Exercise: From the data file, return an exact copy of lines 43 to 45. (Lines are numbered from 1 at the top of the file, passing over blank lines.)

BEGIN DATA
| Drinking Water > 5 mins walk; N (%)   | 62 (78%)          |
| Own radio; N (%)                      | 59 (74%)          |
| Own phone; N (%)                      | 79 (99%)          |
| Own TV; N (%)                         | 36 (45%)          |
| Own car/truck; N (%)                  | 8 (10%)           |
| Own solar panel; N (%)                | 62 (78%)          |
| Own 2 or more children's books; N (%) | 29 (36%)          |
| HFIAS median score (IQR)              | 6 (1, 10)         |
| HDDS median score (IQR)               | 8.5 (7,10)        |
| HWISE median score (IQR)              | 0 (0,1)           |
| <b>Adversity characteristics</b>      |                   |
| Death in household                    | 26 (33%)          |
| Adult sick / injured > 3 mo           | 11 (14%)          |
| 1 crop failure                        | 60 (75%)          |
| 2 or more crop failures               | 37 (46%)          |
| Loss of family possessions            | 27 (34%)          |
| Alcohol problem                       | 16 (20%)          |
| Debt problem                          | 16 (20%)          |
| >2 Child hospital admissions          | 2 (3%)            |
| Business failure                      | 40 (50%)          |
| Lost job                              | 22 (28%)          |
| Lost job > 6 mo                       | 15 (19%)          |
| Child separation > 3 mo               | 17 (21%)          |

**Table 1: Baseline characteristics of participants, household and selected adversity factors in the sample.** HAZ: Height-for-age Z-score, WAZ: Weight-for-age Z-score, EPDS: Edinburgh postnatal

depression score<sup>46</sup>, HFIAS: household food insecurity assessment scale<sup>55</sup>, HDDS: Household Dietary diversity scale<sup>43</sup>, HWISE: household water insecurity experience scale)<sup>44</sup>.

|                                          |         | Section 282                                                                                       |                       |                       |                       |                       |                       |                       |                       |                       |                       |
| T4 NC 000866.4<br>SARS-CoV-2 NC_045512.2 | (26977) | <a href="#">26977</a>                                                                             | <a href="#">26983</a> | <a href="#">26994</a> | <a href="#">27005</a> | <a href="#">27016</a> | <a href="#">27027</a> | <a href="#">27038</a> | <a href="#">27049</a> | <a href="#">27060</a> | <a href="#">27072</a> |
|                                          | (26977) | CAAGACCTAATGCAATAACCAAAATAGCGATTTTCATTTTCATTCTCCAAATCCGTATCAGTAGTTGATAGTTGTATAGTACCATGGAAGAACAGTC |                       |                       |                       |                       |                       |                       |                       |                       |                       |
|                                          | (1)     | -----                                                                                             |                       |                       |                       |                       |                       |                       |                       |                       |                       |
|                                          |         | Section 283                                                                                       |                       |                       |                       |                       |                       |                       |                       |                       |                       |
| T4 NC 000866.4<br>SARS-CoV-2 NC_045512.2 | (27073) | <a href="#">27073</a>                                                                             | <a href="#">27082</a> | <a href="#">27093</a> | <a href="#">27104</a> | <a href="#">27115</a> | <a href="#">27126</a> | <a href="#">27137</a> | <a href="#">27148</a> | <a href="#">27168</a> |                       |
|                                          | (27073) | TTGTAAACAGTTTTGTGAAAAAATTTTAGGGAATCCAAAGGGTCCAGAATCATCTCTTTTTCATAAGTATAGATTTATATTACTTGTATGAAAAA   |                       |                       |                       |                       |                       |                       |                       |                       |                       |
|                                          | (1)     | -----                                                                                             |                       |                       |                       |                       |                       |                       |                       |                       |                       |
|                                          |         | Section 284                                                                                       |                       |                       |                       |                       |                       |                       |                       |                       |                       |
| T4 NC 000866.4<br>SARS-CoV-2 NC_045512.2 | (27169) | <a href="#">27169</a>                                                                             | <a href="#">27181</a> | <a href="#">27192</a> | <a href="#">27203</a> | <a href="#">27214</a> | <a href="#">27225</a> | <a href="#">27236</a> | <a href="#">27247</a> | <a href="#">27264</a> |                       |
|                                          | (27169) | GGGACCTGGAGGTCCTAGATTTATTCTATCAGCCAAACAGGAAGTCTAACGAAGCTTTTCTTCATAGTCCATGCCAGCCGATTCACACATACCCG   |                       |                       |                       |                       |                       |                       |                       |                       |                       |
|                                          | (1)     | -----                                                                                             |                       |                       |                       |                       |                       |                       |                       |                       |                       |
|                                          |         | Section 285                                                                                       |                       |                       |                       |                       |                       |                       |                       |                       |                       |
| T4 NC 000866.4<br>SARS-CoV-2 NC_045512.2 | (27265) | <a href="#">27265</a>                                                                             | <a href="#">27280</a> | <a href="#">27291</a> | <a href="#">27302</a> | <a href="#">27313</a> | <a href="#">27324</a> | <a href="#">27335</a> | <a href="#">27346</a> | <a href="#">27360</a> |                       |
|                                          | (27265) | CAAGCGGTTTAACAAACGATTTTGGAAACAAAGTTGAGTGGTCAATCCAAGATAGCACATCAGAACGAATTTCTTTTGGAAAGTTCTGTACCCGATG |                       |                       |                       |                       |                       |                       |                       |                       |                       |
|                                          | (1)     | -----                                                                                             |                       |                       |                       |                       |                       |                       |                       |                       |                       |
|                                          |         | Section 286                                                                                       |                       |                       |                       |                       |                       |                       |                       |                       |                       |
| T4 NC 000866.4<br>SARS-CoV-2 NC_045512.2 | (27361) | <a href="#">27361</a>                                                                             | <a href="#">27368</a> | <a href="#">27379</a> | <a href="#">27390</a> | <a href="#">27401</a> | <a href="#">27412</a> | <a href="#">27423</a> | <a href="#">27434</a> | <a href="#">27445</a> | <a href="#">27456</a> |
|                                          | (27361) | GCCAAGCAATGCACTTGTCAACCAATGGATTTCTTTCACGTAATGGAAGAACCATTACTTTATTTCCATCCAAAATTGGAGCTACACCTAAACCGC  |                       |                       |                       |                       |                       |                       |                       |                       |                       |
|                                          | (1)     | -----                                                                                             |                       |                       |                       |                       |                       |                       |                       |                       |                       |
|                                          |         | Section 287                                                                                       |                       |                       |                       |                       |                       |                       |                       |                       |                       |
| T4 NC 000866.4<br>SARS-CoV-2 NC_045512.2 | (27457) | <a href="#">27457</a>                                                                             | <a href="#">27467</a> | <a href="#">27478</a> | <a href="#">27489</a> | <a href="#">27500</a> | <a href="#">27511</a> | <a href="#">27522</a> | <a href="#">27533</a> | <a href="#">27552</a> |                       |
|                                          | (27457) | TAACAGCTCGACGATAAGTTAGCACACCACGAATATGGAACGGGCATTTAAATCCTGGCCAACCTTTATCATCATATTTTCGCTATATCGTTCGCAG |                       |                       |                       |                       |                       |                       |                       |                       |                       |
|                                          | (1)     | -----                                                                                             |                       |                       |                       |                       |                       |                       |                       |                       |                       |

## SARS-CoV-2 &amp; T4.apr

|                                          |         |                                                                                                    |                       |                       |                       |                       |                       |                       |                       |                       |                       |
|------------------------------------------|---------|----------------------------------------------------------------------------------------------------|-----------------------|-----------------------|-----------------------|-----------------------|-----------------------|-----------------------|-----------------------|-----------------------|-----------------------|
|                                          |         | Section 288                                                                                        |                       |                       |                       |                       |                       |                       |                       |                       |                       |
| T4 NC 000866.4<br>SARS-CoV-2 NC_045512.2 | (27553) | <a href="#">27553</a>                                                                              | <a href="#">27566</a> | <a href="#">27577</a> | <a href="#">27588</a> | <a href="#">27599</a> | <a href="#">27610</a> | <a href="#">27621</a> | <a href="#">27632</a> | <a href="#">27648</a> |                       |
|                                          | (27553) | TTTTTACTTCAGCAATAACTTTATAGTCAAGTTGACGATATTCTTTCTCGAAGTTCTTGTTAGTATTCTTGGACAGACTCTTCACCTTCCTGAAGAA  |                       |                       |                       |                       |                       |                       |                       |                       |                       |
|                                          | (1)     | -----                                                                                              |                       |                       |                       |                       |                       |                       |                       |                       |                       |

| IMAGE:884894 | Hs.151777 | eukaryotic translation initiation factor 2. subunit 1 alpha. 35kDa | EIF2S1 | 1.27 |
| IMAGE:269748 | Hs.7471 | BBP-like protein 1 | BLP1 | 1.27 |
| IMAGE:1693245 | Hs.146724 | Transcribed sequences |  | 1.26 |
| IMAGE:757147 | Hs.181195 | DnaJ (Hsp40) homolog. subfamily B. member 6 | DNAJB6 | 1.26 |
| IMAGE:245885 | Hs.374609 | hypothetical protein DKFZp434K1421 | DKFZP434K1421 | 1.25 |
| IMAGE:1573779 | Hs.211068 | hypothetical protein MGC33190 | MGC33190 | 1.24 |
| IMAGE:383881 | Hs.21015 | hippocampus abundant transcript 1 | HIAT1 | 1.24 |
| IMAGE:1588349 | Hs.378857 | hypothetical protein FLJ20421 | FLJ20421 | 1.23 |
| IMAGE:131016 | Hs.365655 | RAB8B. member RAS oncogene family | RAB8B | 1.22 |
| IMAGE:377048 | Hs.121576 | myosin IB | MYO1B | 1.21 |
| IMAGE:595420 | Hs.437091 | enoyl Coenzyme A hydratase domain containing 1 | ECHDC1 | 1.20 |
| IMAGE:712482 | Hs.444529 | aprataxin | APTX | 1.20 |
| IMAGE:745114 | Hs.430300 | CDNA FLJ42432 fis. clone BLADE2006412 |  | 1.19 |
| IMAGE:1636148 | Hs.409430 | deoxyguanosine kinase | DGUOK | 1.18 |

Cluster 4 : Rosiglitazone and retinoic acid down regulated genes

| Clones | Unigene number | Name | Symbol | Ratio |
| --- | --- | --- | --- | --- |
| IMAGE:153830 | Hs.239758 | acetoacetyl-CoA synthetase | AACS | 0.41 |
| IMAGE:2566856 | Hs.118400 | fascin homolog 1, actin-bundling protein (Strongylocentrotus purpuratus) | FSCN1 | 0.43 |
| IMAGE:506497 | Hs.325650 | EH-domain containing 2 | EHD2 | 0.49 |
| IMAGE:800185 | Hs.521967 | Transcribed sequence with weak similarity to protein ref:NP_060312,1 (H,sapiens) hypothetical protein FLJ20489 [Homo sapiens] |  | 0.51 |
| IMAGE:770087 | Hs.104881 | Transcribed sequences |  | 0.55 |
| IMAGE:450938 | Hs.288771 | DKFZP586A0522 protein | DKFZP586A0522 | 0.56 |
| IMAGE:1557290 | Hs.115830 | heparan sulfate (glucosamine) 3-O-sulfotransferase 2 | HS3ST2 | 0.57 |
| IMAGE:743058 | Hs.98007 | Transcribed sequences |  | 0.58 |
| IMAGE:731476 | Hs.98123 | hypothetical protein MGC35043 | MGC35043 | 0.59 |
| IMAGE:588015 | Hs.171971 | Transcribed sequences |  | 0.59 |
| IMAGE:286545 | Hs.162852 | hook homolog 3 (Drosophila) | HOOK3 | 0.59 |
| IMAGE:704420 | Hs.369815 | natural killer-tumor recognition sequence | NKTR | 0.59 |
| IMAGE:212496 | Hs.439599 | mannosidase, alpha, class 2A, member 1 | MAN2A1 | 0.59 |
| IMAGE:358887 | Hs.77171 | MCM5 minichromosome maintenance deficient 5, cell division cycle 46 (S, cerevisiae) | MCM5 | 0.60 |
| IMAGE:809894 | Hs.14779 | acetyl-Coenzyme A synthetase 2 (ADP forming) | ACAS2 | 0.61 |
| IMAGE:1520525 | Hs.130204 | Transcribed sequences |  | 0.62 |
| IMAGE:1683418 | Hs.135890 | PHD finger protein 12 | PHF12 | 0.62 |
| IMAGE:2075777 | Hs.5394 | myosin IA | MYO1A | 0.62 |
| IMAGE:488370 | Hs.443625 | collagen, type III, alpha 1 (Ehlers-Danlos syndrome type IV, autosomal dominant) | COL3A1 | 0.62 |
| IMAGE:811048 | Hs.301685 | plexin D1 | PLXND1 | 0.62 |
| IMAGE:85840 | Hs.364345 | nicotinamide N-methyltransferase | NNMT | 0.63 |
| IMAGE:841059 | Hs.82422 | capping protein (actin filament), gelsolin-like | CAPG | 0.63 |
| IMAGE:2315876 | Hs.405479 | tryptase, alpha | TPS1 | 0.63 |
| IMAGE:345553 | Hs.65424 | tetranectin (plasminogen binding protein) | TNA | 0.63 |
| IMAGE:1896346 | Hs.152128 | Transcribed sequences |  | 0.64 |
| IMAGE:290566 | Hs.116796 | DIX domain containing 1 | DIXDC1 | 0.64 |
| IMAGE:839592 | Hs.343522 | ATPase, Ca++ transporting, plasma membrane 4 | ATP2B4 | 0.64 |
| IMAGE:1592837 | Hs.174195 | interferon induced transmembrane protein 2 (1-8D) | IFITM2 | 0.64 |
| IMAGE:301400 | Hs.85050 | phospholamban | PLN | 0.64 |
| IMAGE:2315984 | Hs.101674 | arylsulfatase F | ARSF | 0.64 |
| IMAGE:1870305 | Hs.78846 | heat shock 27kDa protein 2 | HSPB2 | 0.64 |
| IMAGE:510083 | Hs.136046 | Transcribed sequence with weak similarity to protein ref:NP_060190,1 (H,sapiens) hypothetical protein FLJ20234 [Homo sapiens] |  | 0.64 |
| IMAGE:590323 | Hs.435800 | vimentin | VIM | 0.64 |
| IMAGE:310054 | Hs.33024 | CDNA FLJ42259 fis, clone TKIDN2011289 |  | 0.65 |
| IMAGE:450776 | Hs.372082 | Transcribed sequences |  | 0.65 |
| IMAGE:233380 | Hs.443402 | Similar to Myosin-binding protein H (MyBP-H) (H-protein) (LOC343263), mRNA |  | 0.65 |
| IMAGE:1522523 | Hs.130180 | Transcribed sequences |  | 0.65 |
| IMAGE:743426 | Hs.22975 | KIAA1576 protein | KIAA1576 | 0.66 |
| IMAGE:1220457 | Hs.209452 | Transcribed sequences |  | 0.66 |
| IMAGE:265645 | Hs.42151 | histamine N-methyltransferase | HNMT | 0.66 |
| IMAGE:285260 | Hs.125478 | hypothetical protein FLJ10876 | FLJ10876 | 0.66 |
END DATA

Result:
| T4 NC 000866.4<br>SARS-CoV-2 NC_045512.2 | (27361) | <a href="#">27361</a>                                                                             | <a href="#">27368</a> | <a href="#">27379</a> | <a href="#">27390</a> | <a href="#">27401</a> | <a href="#">27412</a> | <a href="#">27423</a> | <a href="#">27434</a> | <a href="#">27445</a> | <a href="#">27456</a> |
|                                          | (27361) | GCCAAGCAATGCACTTGTCAACCAATGGATTTCTTTCACGTAATGGAAGAACCATTACTTTATTTCCATCCAAAATTGGAGCTACACCTAAACCGC  |                       |                       |                       |                       |                       |                       |                       |                       |                       |
|                                          | (1)     | -----                                                                                             |                       |                       |                       |                       |                       |                       |                       |                       |                       |